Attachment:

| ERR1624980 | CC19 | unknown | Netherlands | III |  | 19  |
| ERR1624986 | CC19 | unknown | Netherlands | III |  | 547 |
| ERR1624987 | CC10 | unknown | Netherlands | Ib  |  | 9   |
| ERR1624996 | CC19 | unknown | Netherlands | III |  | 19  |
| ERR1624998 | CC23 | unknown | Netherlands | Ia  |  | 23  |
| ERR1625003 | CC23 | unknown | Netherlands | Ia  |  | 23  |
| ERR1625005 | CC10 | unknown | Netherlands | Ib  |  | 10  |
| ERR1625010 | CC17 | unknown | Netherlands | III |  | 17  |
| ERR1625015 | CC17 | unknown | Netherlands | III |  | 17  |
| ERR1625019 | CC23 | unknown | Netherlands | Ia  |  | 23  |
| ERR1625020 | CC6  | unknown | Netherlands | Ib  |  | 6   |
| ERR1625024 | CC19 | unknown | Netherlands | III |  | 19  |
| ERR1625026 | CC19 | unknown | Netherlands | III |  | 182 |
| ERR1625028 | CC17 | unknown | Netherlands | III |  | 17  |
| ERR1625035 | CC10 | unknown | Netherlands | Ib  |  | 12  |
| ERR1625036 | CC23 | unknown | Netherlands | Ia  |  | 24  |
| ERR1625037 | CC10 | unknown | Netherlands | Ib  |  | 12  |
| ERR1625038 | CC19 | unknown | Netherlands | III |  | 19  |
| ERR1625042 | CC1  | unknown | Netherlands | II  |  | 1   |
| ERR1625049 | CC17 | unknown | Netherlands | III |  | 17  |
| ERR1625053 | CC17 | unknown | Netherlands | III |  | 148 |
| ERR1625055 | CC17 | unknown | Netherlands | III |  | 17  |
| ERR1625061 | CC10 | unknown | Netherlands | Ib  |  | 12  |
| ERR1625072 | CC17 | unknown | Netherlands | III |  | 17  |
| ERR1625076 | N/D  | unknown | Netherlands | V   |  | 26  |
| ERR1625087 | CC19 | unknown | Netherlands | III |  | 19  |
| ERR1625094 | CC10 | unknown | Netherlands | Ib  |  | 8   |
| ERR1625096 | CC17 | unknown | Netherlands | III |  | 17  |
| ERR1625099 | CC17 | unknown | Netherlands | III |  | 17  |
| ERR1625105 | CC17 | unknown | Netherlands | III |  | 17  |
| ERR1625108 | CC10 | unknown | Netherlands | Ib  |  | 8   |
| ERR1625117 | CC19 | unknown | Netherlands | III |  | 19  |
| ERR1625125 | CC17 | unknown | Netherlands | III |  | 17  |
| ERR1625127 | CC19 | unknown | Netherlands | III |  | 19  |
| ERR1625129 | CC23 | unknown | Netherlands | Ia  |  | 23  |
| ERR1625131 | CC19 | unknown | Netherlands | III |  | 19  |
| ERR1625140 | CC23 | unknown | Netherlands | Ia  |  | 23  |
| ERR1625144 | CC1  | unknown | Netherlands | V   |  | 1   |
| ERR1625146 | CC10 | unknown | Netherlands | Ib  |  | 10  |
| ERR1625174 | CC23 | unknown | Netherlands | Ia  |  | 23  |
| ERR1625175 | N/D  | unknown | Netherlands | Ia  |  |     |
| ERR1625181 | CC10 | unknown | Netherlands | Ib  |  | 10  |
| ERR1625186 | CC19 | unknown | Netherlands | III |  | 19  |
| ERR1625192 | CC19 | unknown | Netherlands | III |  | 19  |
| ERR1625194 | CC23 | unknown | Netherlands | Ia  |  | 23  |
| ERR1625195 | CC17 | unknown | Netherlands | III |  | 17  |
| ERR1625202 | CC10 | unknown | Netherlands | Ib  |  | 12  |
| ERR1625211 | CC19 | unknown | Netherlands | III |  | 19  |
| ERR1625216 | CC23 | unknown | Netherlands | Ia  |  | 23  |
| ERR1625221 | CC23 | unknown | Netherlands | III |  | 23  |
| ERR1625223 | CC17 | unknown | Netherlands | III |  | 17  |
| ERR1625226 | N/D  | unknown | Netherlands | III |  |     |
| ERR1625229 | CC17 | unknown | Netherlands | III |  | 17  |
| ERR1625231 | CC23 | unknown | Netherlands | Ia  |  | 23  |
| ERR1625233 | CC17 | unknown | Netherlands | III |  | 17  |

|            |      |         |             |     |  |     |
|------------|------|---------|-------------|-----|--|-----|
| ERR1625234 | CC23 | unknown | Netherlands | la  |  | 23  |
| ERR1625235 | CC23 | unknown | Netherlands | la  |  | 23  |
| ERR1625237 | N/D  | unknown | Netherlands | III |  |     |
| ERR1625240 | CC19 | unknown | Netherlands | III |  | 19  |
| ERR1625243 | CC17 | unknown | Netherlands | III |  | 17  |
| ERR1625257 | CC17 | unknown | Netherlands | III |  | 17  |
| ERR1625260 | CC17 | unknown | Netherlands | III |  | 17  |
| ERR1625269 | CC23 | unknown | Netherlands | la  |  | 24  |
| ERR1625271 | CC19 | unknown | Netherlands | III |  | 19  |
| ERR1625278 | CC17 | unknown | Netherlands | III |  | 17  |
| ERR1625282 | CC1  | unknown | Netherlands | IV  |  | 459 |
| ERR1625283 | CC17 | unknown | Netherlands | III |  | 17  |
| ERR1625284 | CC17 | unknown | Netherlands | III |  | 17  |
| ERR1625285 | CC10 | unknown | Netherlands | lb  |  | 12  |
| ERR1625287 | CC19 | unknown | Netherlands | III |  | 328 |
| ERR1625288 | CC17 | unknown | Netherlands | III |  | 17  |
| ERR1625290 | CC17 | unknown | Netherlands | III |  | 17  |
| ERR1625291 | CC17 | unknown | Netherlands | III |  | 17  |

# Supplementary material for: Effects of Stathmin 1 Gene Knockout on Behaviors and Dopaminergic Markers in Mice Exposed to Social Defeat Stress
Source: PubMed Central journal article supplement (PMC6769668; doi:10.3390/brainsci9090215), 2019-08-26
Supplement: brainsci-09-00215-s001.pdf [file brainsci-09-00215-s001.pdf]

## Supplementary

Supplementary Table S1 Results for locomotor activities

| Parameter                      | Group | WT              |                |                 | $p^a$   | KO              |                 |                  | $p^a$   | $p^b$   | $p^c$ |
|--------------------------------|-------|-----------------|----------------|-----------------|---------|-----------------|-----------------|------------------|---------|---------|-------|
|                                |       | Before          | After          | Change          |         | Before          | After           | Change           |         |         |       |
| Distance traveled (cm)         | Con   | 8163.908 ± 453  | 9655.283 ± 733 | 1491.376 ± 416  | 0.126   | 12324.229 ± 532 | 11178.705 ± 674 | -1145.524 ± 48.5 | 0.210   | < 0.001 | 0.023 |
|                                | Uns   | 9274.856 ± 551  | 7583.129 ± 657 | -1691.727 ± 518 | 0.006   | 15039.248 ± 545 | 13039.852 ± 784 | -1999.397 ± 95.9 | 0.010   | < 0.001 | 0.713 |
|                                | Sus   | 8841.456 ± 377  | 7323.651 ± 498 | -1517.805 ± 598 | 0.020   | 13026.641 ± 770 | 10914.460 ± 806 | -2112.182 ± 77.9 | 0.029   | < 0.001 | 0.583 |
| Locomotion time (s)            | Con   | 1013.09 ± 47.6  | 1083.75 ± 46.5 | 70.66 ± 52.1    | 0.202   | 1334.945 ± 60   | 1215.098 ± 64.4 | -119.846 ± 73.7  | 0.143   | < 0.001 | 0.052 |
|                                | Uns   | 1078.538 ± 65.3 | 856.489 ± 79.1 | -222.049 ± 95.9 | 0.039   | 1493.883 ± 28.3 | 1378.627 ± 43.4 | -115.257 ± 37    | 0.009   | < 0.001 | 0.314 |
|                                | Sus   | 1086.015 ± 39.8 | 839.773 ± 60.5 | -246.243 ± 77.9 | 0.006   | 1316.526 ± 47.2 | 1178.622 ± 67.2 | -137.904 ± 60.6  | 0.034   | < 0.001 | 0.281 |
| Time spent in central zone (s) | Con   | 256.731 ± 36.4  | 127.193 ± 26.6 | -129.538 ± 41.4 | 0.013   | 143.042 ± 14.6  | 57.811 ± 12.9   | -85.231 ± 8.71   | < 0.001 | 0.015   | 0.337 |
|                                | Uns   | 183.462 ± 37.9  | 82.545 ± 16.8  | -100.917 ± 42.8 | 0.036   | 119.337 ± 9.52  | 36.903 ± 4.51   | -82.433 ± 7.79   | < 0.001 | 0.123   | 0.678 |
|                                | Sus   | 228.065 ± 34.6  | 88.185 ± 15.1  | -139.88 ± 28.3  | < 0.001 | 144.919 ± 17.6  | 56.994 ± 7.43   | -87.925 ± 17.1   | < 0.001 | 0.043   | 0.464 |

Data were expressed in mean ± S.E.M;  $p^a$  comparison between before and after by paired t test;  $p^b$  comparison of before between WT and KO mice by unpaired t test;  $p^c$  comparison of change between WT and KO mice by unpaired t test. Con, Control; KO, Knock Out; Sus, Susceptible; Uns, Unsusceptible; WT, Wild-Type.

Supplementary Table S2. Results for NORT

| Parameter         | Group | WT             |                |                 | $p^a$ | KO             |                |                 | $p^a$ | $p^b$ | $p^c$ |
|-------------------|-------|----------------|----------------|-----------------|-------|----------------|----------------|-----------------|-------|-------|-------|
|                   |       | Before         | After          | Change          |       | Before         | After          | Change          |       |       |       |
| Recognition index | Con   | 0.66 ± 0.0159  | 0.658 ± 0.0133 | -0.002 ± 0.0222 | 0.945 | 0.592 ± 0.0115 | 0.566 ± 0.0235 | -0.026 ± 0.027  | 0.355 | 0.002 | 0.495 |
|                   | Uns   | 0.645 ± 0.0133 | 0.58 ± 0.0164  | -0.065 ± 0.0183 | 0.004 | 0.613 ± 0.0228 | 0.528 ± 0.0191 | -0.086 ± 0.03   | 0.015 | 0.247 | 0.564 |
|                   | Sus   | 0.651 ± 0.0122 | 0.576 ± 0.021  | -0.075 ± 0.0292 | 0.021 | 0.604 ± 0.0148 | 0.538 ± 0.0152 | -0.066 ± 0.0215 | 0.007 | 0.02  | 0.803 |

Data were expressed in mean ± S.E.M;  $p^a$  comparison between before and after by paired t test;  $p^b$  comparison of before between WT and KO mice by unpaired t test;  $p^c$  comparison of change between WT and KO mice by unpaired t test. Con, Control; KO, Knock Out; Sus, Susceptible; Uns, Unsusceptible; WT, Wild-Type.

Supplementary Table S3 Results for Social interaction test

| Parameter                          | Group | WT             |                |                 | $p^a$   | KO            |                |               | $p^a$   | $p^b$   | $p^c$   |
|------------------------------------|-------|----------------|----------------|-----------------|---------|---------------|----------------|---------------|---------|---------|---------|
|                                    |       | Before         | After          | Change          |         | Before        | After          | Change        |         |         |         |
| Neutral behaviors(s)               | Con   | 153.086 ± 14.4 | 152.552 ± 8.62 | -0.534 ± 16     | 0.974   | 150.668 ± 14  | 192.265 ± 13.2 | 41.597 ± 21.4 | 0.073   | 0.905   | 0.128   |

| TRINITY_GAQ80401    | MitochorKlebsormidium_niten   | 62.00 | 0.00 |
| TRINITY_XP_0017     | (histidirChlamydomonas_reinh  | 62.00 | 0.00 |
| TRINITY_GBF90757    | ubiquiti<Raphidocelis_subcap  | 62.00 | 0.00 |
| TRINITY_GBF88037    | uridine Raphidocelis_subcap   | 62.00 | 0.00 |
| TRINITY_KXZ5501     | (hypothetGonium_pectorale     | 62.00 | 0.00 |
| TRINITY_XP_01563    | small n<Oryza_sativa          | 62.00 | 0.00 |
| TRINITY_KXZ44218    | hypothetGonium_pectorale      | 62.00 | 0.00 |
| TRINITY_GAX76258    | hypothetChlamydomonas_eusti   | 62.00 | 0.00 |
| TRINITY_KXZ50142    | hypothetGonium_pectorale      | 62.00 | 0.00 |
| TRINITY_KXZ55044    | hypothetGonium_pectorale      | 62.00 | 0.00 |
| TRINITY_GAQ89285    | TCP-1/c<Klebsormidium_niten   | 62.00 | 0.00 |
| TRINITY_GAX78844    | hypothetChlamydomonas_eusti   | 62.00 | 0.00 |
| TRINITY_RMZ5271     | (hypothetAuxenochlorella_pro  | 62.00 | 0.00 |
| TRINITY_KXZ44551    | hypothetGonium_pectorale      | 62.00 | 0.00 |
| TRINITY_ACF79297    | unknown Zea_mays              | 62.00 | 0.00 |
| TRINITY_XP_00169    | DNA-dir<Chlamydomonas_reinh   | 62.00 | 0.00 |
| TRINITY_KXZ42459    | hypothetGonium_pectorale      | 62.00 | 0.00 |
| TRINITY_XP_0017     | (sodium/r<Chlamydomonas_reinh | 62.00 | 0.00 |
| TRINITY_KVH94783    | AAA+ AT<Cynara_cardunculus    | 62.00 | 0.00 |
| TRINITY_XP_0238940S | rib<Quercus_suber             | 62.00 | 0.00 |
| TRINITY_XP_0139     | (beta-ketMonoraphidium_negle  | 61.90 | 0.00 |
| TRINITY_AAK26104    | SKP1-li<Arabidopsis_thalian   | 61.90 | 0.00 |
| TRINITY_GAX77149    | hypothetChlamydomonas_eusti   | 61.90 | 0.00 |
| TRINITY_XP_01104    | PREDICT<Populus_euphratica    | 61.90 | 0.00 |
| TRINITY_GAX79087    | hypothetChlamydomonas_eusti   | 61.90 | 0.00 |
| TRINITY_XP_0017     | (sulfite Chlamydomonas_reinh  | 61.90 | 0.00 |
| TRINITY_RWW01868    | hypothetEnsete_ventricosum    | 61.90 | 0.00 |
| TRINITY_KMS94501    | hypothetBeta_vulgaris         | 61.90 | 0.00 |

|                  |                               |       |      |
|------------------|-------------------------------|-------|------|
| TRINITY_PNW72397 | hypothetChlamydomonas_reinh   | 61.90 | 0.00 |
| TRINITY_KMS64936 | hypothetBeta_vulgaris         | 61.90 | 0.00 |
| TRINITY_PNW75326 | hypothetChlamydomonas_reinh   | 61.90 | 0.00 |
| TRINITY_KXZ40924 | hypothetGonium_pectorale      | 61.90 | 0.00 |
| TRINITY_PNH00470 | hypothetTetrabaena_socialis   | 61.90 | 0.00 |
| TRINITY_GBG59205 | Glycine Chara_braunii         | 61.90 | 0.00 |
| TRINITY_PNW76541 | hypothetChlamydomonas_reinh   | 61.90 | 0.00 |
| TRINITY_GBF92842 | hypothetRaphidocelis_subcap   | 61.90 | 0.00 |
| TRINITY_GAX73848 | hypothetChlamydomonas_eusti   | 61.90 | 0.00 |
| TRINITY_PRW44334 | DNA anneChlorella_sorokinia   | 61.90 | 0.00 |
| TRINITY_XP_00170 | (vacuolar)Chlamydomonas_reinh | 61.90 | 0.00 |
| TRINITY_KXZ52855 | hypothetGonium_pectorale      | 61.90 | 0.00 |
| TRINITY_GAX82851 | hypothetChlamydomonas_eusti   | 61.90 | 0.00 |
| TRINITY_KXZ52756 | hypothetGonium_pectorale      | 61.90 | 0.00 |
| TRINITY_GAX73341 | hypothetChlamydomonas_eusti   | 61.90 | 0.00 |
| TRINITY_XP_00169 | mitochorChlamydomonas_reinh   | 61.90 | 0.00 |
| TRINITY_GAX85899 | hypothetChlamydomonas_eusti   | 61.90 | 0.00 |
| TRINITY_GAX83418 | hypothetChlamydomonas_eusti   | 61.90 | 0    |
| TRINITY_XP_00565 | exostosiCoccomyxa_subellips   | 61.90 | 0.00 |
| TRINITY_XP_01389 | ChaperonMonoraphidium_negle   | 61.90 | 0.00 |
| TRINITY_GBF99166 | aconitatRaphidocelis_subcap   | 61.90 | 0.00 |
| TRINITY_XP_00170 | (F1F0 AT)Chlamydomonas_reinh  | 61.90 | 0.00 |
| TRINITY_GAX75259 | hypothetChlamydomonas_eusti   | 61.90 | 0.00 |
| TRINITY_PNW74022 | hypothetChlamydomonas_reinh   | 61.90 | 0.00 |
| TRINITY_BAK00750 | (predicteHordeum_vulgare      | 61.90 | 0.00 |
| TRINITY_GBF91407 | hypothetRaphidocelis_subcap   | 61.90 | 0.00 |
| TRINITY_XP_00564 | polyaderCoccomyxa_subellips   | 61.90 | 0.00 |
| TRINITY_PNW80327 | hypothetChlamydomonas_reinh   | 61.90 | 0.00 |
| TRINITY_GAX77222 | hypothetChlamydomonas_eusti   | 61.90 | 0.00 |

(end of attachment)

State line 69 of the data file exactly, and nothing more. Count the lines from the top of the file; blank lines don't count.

| ERR1625283 | CC17 | unknown | Netherlands | III |  | 17  |